Verdict: SOMETIMES I'M SO SMART I ALMOST FEEL LIKE A REAL PERSON shines when it's at its most biting, but its heartfelt moments lack the same luster.
Harold, the narrator of SOMETIMES I’M SO SMART I ALMOST FEEL LIKE A REAL PERSON, is the epitome of a pathetic, blame-aversive protagonist who refuses introspection. When not updating his YouTube channel with dating advice, he’s avoiding his job, his mother, and his past, until all that avoidance suddenly catches up with him.
Harold is a tough character to identify with, but that’s what makes him compelling. Much of satisfaction of Graham Parke’s novel is seeing the ways in which Harold sabotages himself, as he spends so much time wrapped up in creating strategies and trying to game the system—the system, in this case, being interpersonal relationships—that he fails to connect on a human level. His relationship with Emma, the girl who works at his local nut shop, is a wild ride of expectations versus reality, where reality is every bit as confusing as his most bizarre fantasy.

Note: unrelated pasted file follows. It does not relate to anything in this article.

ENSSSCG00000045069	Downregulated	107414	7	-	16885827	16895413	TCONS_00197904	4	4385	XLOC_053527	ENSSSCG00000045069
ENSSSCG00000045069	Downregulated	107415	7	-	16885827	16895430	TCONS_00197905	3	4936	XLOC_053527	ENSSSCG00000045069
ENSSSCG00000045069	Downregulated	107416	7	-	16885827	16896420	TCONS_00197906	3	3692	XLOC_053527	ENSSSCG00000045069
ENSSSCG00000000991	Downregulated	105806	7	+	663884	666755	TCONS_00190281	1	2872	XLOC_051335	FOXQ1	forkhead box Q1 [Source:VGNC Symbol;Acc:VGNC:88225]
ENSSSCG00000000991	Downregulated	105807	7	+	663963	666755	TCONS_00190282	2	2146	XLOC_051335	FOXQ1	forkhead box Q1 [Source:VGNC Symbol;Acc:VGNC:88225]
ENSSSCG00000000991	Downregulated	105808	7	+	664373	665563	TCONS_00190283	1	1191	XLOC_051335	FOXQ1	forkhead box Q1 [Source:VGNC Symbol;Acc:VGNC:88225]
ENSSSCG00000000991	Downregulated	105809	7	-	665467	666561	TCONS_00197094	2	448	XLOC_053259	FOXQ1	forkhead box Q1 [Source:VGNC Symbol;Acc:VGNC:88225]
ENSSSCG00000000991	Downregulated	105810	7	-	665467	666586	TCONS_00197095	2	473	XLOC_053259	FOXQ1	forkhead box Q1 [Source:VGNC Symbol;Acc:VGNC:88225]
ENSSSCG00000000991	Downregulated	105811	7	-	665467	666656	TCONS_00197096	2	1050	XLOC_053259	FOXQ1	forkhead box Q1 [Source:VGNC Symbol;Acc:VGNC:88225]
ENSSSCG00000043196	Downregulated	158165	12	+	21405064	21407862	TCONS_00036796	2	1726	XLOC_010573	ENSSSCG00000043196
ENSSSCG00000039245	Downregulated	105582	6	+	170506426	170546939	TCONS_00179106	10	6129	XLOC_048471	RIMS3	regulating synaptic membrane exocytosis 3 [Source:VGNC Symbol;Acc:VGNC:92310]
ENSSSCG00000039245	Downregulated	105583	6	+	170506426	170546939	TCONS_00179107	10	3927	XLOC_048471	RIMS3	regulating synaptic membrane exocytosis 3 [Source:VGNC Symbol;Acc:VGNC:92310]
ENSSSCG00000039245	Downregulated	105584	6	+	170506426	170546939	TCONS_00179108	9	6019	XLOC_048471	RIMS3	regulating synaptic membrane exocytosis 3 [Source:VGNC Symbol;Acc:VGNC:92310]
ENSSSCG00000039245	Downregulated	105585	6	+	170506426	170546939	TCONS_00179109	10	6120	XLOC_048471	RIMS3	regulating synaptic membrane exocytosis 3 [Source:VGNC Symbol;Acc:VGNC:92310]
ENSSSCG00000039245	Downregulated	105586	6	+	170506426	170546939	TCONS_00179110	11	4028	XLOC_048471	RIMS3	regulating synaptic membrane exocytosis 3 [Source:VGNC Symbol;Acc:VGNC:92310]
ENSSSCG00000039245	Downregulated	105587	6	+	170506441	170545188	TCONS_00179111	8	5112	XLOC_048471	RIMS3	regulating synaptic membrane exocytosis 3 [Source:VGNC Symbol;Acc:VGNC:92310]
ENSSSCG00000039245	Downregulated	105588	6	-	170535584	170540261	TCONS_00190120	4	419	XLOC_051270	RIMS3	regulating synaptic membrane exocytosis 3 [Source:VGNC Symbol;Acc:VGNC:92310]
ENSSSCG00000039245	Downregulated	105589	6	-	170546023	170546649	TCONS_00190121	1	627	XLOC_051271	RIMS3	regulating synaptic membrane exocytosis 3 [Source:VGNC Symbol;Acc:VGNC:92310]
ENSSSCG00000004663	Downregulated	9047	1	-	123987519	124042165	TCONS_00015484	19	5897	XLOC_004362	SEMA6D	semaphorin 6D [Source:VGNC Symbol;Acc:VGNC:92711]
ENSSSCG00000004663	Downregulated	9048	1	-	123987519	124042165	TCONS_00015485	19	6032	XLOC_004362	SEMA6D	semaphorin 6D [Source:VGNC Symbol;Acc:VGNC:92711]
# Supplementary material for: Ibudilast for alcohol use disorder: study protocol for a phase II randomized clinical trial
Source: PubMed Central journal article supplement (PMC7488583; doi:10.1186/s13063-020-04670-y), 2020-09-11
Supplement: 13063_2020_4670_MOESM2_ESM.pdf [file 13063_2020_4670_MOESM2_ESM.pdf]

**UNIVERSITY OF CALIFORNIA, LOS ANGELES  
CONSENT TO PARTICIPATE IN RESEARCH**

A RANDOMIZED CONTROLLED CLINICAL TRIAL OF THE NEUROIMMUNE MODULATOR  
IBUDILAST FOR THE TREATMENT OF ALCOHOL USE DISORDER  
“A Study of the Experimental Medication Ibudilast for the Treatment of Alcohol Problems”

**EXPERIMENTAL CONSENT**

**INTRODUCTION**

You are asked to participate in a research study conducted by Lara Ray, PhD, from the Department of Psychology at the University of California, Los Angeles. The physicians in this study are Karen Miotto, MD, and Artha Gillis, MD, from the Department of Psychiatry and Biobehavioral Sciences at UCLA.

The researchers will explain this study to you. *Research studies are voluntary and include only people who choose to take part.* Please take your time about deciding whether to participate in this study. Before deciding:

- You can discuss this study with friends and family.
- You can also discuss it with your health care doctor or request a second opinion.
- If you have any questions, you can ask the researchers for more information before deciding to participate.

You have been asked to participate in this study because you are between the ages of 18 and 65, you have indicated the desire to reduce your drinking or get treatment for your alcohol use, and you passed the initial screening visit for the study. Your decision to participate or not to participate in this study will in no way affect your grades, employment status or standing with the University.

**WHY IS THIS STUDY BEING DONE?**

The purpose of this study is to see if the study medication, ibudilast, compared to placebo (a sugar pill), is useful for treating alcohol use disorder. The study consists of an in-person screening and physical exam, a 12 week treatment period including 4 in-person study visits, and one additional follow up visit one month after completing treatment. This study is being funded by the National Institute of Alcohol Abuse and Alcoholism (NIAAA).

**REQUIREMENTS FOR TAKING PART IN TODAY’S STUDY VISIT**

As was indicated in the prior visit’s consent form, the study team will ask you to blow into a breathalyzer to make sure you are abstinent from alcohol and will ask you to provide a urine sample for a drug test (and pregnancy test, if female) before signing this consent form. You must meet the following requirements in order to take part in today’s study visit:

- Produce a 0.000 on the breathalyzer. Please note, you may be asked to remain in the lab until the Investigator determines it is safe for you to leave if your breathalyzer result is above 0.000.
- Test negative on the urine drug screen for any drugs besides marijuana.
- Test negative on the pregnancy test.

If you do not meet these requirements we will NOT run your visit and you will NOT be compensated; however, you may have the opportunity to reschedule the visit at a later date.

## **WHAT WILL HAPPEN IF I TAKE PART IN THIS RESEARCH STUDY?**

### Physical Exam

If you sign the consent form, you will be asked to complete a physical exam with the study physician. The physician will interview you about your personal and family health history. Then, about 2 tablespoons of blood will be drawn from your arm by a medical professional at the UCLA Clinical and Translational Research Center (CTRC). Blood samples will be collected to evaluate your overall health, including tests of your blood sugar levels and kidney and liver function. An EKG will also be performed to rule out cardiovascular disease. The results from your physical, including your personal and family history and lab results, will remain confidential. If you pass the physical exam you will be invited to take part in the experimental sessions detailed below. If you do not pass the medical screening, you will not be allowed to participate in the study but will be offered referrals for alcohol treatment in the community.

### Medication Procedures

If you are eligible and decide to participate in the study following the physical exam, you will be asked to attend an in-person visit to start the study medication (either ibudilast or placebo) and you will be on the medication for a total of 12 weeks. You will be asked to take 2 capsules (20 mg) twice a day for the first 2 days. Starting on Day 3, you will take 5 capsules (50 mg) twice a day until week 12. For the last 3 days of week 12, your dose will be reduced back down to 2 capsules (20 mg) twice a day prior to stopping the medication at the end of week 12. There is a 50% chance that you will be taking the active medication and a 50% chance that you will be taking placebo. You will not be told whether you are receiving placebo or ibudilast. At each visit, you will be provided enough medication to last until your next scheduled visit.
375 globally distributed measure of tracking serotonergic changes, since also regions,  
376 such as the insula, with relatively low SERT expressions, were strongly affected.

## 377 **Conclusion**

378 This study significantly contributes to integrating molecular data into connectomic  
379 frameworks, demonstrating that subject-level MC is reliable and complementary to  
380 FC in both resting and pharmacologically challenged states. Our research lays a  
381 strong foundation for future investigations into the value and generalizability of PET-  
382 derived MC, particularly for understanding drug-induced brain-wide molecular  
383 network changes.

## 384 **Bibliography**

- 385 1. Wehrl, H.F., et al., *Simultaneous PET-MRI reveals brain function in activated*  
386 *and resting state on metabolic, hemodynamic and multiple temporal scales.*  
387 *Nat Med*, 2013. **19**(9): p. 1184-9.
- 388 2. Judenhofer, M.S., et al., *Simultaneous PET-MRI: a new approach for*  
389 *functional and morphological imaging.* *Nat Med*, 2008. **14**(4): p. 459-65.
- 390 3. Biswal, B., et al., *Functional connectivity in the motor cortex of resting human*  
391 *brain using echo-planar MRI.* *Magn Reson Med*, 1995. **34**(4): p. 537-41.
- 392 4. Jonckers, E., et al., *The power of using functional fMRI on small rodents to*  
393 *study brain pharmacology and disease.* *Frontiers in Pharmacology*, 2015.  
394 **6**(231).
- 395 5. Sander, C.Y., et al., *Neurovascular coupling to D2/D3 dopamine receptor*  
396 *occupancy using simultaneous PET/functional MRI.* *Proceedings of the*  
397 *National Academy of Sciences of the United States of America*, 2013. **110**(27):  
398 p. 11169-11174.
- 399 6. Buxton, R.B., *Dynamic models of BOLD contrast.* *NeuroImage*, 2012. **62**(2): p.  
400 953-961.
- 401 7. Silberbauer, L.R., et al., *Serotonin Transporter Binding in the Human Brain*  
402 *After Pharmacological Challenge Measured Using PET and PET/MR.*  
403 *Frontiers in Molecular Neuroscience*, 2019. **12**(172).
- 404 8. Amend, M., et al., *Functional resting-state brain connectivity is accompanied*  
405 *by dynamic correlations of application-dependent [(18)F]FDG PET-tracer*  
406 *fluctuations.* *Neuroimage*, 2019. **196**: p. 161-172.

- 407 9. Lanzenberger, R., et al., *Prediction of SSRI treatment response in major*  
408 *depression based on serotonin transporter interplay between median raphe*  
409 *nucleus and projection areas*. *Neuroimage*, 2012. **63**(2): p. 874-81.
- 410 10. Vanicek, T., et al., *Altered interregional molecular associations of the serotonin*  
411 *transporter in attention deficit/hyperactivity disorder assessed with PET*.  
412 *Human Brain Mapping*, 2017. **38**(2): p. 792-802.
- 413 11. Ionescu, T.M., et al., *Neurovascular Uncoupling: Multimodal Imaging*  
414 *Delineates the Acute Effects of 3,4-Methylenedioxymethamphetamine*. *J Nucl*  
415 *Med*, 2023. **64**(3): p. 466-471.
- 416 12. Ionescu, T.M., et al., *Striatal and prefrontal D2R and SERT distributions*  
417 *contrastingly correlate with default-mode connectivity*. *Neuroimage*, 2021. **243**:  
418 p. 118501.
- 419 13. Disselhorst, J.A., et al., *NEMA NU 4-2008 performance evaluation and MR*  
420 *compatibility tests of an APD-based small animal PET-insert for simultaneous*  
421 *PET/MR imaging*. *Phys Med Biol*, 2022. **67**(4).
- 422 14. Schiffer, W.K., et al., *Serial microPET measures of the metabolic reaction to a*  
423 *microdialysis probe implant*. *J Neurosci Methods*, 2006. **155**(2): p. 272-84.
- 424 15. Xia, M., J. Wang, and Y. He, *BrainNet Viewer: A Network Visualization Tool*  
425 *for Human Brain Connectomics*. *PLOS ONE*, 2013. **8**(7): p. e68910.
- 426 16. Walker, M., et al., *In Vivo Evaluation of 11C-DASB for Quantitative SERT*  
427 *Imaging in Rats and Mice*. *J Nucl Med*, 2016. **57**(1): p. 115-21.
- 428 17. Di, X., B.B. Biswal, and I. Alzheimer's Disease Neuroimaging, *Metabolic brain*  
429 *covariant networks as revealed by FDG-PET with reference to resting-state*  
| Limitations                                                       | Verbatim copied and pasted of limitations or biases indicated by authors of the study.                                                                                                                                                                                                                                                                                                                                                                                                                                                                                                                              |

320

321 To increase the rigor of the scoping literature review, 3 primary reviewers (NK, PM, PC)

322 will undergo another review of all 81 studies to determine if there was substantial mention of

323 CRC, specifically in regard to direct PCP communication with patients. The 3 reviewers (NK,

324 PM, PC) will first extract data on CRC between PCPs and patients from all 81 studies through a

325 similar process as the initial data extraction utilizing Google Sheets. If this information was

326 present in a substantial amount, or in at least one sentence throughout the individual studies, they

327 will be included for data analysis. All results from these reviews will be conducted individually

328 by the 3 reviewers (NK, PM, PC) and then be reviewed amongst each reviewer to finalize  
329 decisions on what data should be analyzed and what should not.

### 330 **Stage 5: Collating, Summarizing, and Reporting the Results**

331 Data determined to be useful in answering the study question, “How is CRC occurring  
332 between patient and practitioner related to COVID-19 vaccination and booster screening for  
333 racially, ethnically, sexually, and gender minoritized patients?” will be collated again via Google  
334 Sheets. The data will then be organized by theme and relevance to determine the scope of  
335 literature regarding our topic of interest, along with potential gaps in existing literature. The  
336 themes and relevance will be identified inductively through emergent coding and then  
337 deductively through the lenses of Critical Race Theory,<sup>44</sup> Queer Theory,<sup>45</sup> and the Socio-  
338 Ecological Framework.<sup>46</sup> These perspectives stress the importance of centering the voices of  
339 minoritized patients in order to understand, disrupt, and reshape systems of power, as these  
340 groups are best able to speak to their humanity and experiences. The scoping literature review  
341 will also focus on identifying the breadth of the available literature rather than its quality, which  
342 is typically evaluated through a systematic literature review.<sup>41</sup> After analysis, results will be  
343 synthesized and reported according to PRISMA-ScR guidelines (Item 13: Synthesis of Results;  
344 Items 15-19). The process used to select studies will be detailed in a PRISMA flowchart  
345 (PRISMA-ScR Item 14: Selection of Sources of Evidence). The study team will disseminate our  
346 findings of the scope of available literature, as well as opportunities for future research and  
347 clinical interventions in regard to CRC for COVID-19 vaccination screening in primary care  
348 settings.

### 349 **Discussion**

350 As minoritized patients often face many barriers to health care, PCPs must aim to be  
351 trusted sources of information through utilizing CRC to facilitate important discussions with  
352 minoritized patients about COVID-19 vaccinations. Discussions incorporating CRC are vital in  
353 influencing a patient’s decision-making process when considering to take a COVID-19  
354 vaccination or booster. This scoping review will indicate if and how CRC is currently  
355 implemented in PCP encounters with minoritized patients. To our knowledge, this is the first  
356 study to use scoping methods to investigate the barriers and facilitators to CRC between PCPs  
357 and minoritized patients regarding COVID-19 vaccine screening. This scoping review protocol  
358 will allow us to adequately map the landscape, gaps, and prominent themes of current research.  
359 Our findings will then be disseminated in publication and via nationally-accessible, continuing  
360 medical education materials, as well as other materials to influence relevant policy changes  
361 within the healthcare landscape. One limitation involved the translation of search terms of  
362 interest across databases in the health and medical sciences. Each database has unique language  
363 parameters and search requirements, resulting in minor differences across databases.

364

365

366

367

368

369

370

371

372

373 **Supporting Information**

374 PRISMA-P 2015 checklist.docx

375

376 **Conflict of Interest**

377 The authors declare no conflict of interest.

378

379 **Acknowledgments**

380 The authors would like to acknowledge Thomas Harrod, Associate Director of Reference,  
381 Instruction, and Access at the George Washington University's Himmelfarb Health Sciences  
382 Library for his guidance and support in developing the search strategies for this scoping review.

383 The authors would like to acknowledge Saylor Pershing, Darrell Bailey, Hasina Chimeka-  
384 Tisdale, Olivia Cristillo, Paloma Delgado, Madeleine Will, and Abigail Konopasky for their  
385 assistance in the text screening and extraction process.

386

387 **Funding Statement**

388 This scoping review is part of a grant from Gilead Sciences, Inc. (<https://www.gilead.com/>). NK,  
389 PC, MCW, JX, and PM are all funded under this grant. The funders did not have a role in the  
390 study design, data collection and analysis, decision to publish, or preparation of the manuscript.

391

Despite being a career man who lives with his mother, bestowing dating advice on his YouTube followers that never seems to actually work for him, Harold is notoriously nasty to those surrounding him. He abandons women when they don’t show enough interest. He makes snide remarks about women who aren’t attractive enough as if it’s a personal betrayal. He shuts down every attempt to connect, making him solely responsible for the lack of genuine relationships in his life. He wants to be adored, not in a partnership, which is why his YouTube followers are his best friends—until, of course, they want something from him that isn’t on his terms.
It’s difficult to carry an entire novel on the shoulders of a character with few likeable qualities, and Parke only just succeeds. When it’s revealed that there’s a reason Harold is the way he is, it comes too quickly and is hastily explored with an unsatisfactory conclusion. It’s not that the book needs a tidy bow to succeed, but rather that Harold’s growth is confined to such a small portion of the book that SOMETIMES I’M SO SMART feels less like a novel and more like an extended joke about its pathetic protagonist, with emotional growth as the punchline.
Still, the novel is a largely enjoyable read. Its impact is lessened by its lackluster ending, but, as a character portrait, SOMETIMES I’M SO SMART is an intriguing, illuminating look at the problems with refusing to acknowledge others as people, not pawns.
~Melissa Brinks for IndieReader